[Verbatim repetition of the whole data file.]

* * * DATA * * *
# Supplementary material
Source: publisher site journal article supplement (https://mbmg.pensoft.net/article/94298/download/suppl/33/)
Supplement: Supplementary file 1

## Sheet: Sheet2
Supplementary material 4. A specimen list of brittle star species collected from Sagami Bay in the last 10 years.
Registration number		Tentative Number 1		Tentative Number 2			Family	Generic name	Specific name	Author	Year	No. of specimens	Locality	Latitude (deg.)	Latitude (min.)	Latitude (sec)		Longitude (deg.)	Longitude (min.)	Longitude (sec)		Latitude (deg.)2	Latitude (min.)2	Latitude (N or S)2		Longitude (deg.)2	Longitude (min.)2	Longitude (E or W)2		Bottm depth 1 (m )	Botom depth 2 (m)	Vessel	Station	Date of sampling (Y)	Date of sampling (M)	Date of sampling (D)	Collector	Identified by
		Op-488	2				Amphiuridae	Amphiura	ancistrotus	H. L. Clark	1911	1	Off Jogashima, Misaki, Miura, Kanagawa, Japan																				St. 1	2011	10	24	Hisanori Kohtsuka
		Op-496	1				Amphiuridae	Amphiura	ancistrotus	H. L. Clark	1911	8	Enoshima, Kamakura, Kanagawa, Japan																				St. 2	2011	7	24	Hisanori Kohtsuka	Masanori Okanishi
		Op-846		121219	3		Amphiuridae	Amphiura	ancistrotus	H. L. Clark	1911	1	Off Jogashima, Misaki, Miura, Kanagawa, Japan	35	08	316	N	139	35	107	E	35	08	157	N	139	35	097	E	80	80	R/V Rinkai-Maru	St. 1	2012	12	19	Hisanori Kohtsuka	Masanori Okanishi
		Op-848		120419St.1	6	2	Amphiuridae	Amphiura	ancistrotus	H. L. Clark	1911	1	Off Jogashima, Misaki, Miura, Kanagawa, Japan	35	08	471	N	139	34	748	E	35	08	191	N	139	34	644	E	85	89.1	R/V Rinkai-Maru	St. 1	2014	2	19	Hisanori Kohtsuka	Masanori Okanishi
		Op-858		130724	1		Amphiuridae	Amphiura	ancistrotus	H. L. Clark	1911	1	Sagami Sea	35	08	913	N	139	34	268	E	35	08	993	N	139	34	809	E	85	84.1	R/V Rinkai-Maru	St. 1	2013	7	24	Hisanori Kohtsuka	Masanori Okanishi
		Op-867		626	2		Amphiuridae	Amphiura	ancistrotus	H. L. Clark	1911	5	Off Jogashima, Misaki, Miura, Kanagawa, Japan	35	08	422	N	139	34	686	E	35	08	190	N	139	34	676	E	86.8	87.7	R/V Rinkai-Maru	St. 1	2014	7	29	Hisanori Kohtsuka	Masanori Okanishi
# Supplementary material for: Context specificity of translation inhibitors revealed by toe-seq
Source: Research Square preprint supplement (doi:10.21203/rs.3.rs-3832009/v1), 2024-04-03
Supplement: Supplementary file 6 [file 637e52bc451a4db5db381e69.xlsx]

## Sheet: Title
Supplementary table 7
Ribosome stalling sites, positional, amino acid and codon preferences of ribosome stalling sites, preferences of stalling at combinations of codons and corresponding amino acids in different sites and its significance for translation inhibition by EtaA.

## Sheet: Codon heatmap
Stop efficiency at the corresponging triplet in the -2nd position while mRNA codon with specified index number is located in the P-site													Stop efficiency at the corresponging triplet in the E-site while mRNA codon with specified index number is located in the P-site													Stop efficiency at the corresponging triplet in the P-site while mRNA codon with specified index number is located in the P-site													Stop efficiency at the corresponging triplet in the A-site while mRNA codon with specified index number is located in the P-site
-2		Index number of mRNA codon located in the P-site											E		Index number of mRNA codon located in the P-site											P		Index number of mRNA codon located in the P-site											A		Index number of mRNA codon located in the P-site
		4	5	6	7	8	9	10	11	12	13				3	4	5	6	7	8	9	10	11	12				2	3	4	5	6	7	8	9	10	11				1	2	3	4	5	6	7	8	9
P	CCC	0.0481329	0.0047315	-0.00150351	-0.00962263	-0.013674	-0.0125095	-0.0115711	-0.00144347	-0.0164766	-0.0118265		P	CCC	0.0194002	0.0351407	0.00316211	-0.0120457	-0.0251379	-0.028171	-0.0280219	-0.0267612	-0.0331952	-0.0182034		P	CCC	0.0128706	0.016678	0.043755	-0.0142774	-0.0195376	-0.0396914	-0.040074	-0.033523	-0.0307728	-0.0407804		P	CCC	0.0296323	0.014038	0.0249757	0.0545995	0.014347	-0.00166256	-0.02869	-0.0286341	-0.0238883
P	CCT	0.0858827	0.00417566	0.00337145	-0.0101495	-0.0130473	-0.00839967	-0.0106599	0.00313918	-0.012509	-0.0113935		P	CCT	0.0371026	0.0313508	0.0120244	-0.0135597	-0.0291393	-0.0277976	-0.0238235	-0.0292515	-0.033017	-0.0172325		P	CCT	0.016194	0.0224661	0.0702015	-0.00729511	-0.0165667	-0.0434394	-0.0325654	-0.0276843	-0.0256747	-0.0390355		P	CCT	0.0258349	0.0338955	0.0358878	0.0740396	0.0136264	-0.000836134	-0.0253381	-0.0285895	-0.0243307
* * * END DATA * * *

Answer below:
# Supplementary material
Source: publisher site journal article supplement (https://mbmg.pensoft.net/article/94298/download/suppl/33/)
Supplement: Supplementary file 1

## Sheet: Sheet2
Supplementary material 4. A specimen list of brittle star species collected from Sagami Bay in the last 10 years.
Registration number		Tentative Number 1		Tentative Number 2			Family	Generic name	Specific name	Author	Year	No. of specimens	Locality	Latitude (deg.)	Latitude (min.)	Latitude (sec)		Longitude (deg.)	Longitude (min.)	Longitude (sec)		Latitude (deg.)2	Latitude (min.)2	Latitude (N or S)2		Longitude (deg.)2	Longitude (min.)2	Longitude (E or W)2		Bottm depth 1 (m )	Botom depth 2 (m)	Vessel	Station	Date of sampling (Y)	Date of sampling (M)	Date of sampling (D)	Collector	Identified by
		Op-488	2				Amphiuridae	Amphiura	ancistrotus	H. L. Clark	1911	1	Off Jogashima, Misaki, Miura, Kanagawa, Japan																				St. 1	2011	10	24	Hisanori Kohtsuka
		Op-496	1				Amphiuridae	Amphiura	ancistrotus	H. L. Clark	1911	8	Enoshima, Kamakura, Kanagawa, Japan																				St. 2	2011	7	24	Hisanori Kohtsuka	Masanori Okanishi
		Op-846		121219	3		Amphiuridae	Amphiura	ancistrotus	H. L. Clark	1911	1	Off Jogashima, Misaki, Miura, Kanagawa, Japan	35	08	316	N	139	35	107	E	35	08	157	N	139	35	097	E	80	80	R/V Rinkai-Maru	St. 1	2012	12	19	Hisanori Kohtsuka	Masanori Okanishi
		Op-848		120419St.1	6	2	Amphiuridae	Amphiura	ancistrotus	H. L. Clark	1911	1	Off Jogashima, Misaki, Miura, Kanagawa, Japan	35	08	471	N	139	34	748	E	35	08	191	N	139	34	644	E	85	89.1	R/V Rinkai-Maru	St. 1	2014	2	19	Hisanori Kohtsuka	Masanori Okanishi
		Op-858		130724	1		Amphiuridae	Amphiura	ancistrotus	H. L. Clark	1911	1	Sagami Sea	35	08	913	N	139	34	268	E	35	08	993	N	139	34	809	E	85	84.1	R/V Rinkai-Maru	St. 1	2013	7	24	Hisanori Kohtsuka	Masanori Okanishi
		Op-867		626	2		Amphiuridae	Amphiura	ancistrotus	H. L. Clark	1911	5	Off Jogashima, Misaki, Miura, Kanagawa, Japan	35	08	422	N	139	34	686	E	35	08	190	N	139	34	676	E	86.8	87.7	R/V Rinkai-Maru	St. 1	2014	7	29	Hisanori Kohtsuka	Masanori Okanishi
# Supplementary material for: Context specificity of translation inhibitors revealed by toe-seq
Source: Research Square preprint supplement (doi:10.21203/rs.3.rs-3832009/v1), 2024-04-03
Supplement: Supplementary file 6 [file 637e52bc451a4db5db381e69.xlsx]

## Sheet: Title
Supplementary table 7
Ribosome stalling sites, positional, amino acid and codon preferences of ribosome stalling sites, preferences of stalling at combinations of codons and corresponding amino acids in different sites and its significance for translation inhibition by EtaA.

## Sheet: Codon heatmap
Stop efficiency at the corresponging triplet in the -2nd position while mRNA codon with specified index number is located in the P-site													Stop efficiency at the corresponging triplet in the E-site while mRNA codon with specified index number is located in the P-site													Stop efficiency at the corresponging triplet in the P-site while mRNA codon with specified index number is located in the P-site													Stop efficiency at the corresponging triplet in the A-site while mRNA codon with specified index number is located in the P-site
-2		Index number of mRNA codon located in the P-site											E		Index number of mRNA codon located in the P-site											P		Index number of mRNA codon located in the P-site											A		Index number of mRNA codon located in the P-site
		4	5	6	7	8	9	10	11	12	13				3	4	5	6	7	8	9	10	11	12				2	3	4	5	6	7	8	9	10	11				1	2	3	4	5	6	7	8	9
P	CCC	0.0481329	0.0047315	-0.00150351	-0.00962263	-0.013674	-0.0125095	-0.0115711	-0.00144347	-0.0164766	-0.0118265		P	CCC	0.0194002	0.0351407	0.00316211	-0.0120457	-0.0251379	-0.028171	-0.0280219	-0.0267612	-0.0331952	-0.0182034		P	CCC	0.0128706	0.016678	0.043755	-0.0142774	-0.0195376	-0.0396914	-0.040074	-0.033523	-0.0307728	-0.0407804		P	CCC	0.0296323	0.014038	0.0249757	0.0545995	0.014347	-0.00166256	-0.02869	-0.0286341	-0.0238883
P	CCT	0.0858827	0.00417566	0.00337145	-0.0101495	-0.0130473	-0.00839967	-0.0106599	0.00313918	-0.012509	-0.0113935		P	CCT	0.0371026	0.0313508	0.0120244	-0.0135597	-0.0291393	-0.0277976	-0.0238235	-0.0292515	-0.033017	-0.0172325		P	CCT	0.016194	0.0224661	0.0702015	-0.00729511	-0.0165667	-0.0434394	-0.0325654	-0.0276843	-0.0256747	-0.0390355		P	CCT	0.0258349	0.0338955	0.0358878	0.0740396	0.0136264	-0.000836134	-0.0253381	-0.0285895	-0.0243307